Fashion

Wardrobe Crisis: Livia Firth in Conversation with Clare Press

By Eco-Age
06.02.19

Livia Firth speaks to Clare Press about the Green Carpet Challenge, what inspires her to rise and resist, being an active citizen and her childhood on the latest episode of the Wardrobe Crisis podcast.

 

If you read our December #EcoAgeReads book Rise and Resist: How to change the world; or listened to one of our recommended podcasts Wardrobe Crisis, then you will already be familiar with Vogue Australia’s Sustainability Editor-at-Large, Clare Press. 

A passionate advocate for ethical fashion, Clare’s insightful podcast Wardrobe Crisis tackles everything from circular economy, inclusivity in fashion, modern slavery and plastic pollution, interviewing change makers within the industry with the goal to educate and inspire the fashion industry’s shift towards sustainability.

On today’s episode of Wardrobe Crisis, Clare speaks to Livia about her childhood in Italy, launching the Green Carpet Challenge, and how to reach Generation Z. 

Listen to the episode in full here and see some of the many highlights of the conversation below:

 

Inspired? Listen to all of our favourite podcasts for active citizens.

Discussing the meaning of ‘Sustainability’ with Noam Chomsky
"I flew to Boston to see him and after two hours with him, where we discussed all the frustrations around the word, around the language, what it meant, what it didn’t, he looked at me and said: 'You know what Livia? You might as well stick with the word you had, because we invent a new word and the propaganda will empty it of its meaning very quickly, so you might as well stick with the words we have and put the meaning back in them'."

(MORE: READ LIVIA FIRTH IN CONVERSATION WITH NOAM CHOMSKY)

Being active citizens
“One of the problems today is that they almost brainwashed us to be passive. It’s so important to question things, to join the dots of the things that are happening to us and not to think that everything is disjointed.”

Citizens, not consumers
“We shouldn’t be defined by the act of shopping and buying.”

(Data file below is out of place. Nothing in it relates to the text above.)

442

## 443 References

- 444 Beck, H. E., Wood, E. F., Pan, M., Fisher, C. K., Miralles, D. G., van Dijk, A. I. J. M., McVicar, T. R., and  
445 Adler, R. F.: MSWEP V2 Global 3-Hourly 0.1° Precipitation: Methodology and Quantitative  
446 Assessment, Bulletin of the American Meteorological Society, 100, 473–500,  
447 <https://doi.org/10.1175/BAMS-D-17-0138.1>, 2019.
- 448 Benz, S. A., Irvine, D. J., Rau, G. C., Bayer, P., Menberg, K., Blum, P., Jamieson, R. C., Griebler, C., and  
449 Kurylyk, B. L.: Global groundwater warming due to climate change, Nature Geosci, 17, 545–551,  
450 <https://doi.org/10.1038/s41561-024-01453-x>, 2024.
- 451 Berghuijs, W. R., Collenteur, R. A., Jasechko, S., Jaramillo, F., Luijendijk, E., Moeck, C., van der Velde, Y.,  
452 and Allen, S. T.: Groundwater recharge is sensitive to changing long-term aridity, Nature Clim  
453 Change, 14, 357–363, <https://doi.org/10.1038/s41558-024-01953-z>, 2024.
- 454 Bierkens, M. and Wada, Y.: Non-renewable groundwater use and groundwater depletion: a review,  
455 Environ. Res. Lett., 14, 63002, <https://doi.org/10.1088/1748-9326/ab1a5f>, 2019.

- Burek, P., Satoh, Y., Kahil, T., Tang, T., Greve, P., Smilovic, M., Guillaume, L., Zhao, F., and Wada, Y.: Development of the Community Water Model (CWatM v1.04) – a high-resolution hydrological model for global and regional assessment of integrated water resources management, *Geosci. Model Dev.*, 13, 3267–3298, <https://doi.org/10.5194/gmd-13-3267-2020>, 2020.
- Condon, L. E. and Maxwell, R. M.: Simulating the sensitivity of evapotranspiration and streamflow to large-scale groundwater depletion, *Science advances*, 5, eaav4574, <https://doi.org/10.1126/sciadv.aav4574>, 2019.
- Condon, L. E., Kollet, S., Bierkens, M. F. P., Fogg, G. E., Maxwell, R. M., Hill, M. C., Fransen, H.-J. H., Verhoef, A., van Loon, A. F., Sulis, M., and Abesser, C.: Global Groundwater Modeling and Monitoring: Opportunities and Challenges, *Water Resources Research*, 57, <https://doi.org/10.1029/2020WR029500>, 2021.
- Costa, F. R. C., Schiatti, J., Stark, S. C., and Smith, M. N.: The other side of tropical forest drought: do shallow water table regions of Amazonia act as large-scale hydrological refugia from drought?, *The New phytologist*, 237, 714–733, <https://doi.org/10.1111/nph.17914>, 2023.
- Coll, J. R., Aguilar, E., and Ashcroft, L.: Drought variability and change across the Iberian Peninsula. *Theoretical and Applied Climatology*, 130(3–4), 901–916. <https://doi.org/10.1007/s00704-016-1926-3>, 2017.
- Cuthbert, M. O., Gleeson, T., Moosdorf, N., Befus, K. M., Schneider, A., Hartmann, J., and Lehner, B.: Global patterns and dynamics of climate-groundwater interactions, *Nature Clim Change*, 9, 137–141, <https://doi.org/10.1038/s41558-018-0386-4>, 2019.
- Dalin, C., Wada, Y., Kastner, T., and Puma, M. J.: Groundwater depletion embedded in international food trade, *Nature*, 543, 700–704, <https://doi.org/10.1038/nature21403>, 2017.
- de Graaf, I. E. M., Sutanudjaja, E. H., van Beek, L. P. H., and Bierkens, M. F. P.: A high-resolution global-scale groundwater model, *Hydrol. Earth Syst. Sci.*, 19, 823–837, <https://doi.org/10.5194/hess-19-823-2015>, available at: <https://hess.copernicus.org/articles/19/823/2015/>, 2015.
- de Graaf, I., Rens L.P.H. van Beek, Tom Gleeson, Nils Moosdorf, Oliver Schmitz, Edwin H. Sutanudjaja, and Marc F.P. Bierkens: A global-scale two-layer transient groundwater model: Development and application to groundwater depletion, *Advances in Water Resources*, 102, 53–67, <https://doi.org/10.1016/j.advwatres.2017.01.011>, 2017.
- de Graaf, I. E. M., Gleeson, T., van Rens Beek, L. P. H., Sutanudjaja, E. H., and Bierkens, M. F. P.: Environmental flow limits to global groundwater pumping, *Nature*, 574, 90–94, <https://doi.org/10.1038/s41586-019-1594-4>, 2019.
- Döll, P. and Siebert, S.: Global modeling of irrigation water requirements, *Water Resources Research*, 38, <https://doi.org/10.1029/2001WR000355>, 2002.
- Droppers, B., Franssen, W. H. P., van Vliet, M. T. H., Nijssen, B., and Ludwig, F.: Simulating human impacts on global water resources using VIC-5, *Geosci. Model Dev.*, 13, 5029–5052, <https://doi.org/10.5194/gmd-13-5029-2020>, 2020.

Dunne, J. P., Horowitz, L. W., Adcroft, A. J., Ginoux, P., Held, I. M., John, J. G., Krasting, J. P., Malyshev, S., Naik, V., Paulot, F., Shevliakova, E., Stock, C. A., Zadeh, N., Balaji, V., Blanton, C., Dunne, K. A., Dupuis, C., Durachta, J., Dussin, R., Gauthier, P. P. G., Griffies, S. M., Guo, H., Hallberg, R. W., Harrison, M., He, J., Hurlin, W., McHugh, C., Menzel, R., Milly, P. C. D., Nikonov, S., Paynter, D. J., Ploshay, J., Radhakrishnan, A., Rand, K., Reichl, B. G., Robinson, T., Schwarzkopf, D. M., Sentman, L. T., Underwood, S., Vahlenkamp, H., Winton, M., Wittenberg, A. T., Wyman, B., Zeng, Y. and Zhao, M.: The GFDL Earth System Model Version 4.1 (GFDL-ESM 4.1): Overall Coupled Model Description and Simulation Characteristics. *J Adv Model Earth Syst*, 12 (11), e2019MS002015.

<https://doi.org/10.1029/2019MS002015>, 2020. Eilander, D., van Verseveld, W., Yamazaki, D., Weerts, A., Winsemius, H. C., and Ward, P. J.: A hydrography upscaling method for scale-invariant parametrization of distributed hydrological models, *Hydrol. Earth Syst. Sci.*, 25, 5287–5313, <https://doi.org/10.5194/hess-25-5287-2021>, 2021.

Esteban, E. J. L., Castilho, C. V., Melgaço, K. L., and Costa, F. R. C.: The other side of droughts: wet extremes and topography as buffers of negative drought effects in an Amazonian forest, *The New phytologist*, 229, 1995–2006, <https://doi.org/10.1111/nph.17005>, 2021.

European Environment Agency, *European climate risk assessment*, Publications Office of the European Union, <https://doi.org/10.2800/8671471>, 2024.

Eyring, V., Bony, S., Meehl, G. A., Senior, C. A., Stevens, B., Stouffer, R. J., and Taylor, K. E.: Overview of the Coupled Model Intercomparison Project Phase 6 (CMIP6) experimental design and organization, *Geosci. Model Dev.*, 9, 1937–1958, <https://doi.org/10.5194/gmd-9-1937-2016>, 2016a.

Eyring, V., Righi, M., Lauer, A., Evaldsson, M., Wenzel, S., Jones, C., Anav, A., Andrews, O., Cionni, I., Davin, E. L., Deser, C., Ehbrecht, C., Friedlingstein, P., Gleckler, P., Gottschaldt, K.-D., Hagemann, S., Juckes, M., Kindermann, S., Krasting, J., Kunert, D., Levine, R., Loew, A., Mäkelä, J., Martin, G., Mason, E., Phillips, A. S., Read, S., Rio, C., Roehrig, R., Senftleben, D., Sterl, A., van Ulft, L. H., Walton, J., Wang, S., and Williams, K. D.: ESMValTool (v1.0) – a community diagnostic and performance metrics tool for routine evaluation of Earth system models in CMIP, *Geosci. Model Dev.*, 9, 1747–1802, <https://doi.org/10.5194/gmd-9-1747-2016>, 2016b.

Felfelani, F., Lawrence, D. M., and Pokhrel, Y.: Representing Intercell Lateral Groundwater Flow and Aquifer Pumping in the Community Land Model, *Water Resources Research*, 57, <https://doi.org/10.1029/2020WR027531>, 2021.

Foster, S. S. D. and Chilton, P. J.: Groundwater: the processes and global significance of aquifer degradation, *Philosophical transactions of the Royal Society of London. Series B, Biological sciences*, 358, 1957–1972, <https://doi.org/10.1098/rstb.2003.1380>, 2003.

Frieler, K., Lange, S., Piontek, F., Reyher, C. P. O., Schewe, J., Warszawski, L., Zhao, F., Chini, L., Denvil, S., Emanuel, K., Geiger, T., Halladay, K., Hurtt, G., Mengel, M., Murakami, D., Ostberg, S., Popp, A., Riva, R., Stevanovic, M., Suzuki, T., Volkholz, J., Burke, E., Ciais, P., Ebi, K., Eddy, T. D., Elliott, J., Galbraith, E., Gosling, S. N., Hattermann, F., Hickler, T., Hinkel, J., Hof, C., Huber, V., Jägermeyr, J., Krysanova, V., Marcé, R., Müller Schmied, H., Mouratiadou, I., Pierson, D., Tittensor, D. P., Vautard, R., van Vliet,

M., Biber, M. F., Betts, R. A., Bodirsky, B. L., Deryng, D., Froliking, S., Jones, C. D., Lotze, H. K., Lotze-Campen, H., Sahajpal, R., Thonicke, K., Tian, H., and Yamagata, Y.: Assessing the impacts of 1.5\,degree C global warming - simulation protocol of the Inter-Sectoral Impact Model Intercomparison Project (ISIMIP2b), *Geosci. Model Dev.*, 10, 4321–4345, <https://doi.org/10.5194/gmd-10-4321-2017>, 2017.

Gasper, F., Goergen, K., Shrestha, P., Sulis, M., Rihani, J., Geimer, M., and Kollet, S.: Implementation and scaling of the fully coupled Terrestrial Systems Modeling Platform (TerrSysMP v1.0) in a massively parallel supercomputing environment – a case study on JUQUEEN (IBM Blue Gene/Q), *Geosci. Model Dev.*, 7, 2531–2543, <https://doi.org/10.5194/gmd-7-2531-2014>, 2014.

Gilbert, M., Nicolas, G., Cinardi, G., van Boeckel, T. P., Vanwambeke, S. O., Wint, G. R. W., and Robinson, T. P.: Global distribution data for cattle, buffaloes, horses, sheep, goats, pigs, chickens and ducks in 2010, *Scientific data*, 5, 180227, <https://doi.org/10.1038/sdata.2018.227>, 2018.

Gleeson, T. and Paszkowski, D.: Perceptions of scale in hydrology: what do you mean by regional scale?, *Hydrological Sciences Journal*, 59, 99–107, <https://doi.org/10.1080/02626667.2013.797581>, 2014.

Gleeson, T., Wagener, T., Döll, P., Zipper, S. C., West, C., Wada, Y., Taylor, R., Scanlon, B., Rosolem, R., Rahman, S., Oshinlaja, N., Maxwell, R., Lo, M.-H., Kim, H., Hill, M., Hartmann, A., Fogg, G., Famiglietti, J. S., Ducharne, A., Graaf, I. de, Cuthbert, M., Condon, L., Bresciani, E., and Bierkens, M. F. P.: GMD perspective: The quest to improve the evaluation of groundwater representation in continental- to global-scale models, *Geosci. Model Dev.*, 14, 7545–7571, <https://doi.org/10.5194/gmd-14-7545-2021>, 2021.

Wearing rubbish to the Oscars
“I’ve been campaigning about human rights for a long time and then you are on the red carpet, you wear a dress and everyone pays attention and you think - ‘Ok, if you want fashion to campaign, I’ll give you fashion - but we’re still talking about the same shit. It’s all about human rights, and labour rights, and environmental rights.’ Once I understood the power of fashion, it started to get addictive.”

The Green Carpet Challenge
“Since then I’ve never done a red carpet wearing something I couldn’t talk about, and we’ve converted plenty of actors and actresses to do it too and join us in this quest.”

Why we need Kim Kardashian to start doing it 
“My next mission is to convince all of the social media influencers with a gigantic followings to use their power for meaningful reasons and campaigns. Imagine truly if Kim Kardashian or Selena Gomez started to talk about sustainability and environmental justice and social justice - they would convert everyone.” 

How to reach Gen Z
“Younger generations are much more switched on and we don’t have to teach them anything in that space. It’s still very complicated for them because they grew up with the availability of everything, they grew up knowing they can walk to [the high street] and buy things for a Saturday night party, but they are starting to understand the repercussions, they’re starting to understand that it’s not only about always wearing something new.”

Social media for social good
“Social media plays such a gigantic role in [inspiring younger generations] and we have to start using it for social good.”

Growing up in Italy
“I grew up in a different era. I grew up not only without computers and phones, but without anything really. We used to go to school, come home, do our homework, go out with our friends maybe. But it was never about what we were wearing. Particularly in Italy, which was very traditional.”

Changing attitudes to consuming
“We used to consume in a very different way... You didn’t have the opportunity to buy things cheaply, so you had to save to buy, and once you saved to buy it was an investment - you kept it forever, you looked after it.” 

Being smuggled into a garment factory in Bangladesh
“That is the moment that changed everything. We arrived outside the factory and it was a terrible building like they all are in Dhaka, and there was an armed guard at the door. And I was like, why is there a soldier at a factory? It was the first thing that really struck me.”

Returning to Dhaka
“That’s still today the biggest thing I can’t understand. I went back to Dhaka in 2015, with Harriet our Chief Brand Officer, and we met there so many buyers from different brands I won’t name, and you think, my god you live here, you’re based here, you work with these people every day, how? You know, how can you do it? How can you allow them to produce in these shitty conditions, earning nothing, and how can you justify the fact that your business is based on slave labour?

We can't blame complexity
"Complexity cannot be the excuse. Unfortunately it’s a very dangerous argument. There are a lot of brands that hide behind the complexity of the supply chain." 

The Living Wage Report
“Until there’s a legal requirement, nothing will ever change.”

Listen to Livia and Clare Press discuss all things sustainable fashion in full and read the full show notes from the conversation here.

Subscribe to Wardrobe Crisis for more inspiring conversations about the fashion system and its impact on people and the planet.

Wardrobe Crisis: Livia Firth in Conversation with Clare Press